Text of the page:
Election Day 2020 was many things to many people—depending on your age, philosophy, and geography. It’s probably a Rorschach test for the country. It’s a reminder that our nation is large and complicated, with diverse perspectives crossing numerous cultural lines. For millions of us in Florida, however, Election Day was something else.
It was a day to finally shed a 20-year-old demon, and another example of how the Sunshine State can serve as a lighthouse to steer our nation forward.
Twenty years ago, a divided country was thrown into a nightmare scenario unprecedented at the time—a presidential election hanging on the results of a single state, with a margin so razor thin the state’s results, and thus the election, could not be called.
As the lawyers descended and legal challenges worked their way up both the state and federal court systems, Americans learned terms like automatic versus hand recounts, hanging and dimpled chads, and divining voter intent.
After more than a month of legal wrangling, protests, and anxiety, the United States Supreme Court issued its ruling in Bush v. Gore, and George W. Bush won Florida by 537 votes (out of more than 5.8 million votes cast).
Florida became, right or wrong, a global example of how not to run a democratic election. It’s shocking to realize that there are first-time voters now that weren’t even born then.
Fast forward 20 years. My, how far we’ve come.
Florida’s voter rolls doubled over those two decades. In the 2020 election, more than 11 million voters cast a ballot. They did so over a period of about two weeks of early and “day of” voting, by mail and absentee, from Pensacola to Key West.
And then, at roughly 8:15 p.m. Eastern Standard Time, the vast majority of the vote totals were posted by the Florida secretary of state. By 10:30 p.m., most reasonable people understood what the networks were reluctant to publicly state: Donald Trump had won Florida’s 29 electoral votes by about 400,000 votes, a major victory in a state in which statewide elections have been razor thin.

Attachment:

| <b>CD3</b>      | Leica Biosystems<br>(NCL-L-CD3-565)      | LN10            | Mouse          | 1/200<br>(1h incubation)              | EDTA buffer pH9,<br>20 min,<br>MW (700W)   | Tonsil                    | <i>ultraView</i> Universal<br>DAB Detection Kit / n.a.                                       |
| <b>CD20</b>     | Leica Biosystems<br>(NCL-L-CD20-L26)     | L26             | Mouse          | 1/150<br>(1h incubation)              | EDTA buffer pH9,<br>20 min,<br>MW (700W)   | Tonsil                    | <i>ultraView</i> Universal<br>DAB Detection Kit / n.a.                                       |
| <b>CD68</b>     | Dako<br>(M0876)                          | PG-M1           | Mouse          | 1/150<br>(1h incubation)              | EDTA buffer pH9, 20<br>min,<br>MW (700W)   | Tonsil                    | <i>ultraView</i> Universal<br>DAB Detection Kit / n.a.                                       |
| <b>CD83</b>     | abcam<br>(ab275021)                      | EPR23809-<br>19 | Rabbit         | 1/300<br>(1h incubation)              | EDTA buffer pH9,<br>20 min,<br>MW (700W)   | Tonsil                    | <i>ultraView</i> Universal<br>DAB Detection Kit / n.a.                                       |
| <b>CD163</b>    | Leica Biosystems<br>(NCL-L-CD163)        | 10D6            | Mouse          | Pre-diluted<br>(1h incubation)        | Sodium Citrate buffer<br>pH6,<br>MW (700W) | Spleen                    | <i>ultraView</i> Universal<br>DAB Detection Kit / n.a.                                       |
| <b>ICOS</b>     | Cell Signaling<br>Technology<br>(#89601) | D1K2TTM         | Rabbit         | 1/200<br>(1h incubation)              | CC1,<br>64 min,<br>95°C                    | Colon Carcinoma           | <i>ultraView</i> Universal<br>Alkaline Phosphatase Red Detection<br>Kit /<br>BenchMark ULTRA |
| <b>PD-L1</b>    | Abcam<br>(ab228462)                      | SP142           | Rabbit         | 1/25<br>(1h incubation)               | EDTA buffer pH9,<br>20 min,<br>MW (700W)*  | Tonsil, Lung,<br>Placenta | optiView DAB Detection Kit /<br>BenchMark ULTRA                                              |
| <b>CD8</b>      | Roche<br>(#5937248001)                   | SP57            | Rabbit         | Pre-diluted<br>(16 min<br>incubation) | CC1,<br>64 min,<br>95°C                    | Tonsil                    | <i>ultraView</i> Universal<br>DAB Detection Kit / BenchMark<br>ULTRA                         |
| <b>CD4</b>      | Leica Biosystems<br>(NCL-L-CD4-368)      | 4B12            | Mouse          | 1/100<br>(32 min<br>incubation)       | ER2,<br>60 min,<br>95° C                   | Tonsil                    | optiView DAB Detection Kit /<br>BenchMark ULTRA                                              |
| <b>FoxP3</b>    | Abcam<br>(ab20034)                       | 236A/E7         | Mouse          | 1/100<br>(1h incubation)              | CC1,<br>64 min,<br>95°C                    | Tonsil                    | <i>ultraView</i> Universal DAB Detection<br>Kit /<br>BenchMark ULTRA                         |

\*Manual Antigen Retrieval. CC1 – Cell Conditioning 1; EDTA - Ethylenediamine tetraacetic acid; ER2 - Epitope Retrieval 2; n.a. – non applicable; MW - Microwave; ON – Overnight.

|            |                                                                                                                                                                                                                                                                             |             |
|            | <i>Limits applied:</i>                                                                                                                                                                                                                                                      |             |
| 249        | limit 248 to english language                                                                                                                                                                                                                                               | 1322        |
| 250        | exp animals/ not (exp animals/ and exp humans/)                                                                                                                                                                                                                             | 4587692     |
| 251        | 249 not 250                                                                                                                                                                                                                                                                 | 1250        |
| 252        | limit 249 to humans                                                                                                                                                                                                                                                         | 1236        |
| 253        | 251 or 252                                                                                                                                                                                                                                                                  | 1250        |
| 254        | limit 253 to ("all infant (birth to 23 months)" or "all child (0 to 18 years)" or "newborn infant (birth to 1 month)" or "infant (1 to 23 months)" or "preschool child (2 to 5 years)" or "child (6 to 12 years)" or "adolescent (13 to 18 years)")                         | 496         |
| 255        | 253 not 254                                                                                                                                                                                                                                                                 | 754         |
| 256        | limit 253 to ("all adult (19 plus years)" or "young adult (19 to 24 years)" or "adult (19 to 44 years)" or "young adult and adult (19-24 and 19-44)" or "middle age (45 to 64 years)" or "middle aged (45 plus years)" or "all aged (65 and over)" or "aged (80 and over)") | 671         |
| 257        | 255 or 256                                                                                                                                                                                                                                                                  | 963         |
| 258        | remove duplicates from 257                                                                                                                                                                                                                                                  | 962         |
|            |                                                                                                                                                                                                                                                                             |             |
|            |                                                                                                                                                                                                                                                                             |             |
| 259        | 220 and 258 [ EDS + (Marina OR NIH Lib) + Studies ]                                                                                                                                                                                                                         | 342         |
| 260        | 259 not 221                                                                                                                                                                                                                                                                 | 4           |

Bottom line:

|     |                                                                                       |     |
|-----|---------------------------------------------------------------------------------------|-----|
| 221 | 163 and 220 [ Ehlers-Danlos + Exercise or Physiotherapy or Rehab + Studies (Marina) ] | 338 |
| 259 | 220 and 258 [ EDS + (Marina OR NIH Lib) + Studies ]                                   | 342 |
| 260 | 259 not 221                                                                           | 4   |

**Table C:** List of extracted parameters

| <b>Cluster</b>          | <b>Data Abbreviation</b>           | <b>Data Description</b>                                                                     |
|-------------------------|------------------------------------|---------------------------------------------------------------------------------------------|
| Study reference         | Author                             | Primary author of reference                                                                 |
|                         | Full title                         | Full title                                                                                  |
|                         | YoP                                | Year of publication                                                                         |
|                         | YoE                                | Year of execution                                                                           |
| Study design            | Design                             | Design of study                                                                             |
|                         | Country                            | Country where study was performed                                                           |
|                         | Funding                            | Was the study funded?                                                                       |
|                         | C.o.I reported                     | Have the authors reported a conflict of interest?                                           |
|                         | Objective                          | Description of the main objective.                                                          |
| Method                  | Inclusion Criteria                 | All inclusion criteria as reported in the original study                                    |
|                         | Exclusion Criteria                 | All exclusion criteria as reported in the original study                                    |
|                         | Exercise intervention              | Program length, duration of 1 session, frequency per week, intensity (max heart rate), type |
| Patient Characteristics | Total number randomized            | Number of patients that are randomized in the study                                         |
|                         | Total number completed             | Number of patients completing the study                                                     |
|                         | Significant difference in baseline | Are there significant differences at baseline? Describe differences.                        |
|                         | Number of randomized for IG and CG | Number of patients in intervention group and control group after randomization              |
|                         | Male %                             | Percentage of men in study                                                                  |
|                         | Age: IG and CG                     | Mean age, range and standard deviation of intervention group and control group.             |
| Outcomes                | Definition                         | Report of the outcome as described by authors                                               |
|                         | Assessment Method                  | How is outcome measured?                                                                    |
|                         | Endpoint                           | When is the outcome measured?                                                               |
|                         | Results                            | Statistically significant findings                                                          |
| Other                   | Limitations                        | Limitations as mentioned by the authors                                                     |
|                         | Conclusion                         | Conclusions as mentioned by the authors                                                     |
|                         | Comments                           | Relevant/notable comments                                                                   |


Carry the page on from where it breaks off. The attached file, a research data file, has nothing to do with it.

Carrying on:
Think about what we didn’t hear from Florida—no issues of people unable to vote or being turned away from polls, no questionable tactics from outside groups, no concerns about the vote tallying, no protests, no “divining voter intent.” Florida did its job, and did it well.
Much of this success is a credit to Florida’s Gov. Ron DeSantis, Secretary of State Laurel Lee, and the work of 67 supervisors of elections across the state, whose sole job is to ensure a smooth election. They put on a master class in conducting an election that should be the envy of the rest of the country. They are professionals, they were prepared, and they made Floridians proud.
Now, in this world, nothing is ever perfect. And it is important to remain vigilant as public servants like Peter Antonacci—the supervisor of elections in Broward County—clean up the mess left behind by his predecessor, Brenda Snipes.
Widely acknowledged as one of the worst election supervisors in the United States, she left her successor a voter registration list in terrible shape, filled with dead voters and voters who no longer reside in the county.
Nevertheless, the strides made in a short time are to be commended.
As we all sort through the rubble of the results, and the media/candidate/legal focus turns to Arizona, Michigan, Georgia, and Pennsylvania, I would like to proffer a suggestion that I never thought I would ever make (especially after the memory of 2000).
Take a look at us here, in the state people love to make fun of and see how it’s done.
Take a look at your outdated, archaic rules for voting and tabulating and reporting and throw them all in the proverbial trash.
Take a look at the Sunshine State—not in scorn, but in envy—and use us as the model for how to run a smooth election and report the results of more than 11 million votes in a reasonable time period that withstands scrutiny.
This Florida man is, for a change, proud of the how we shined bright. We’ve come a long way.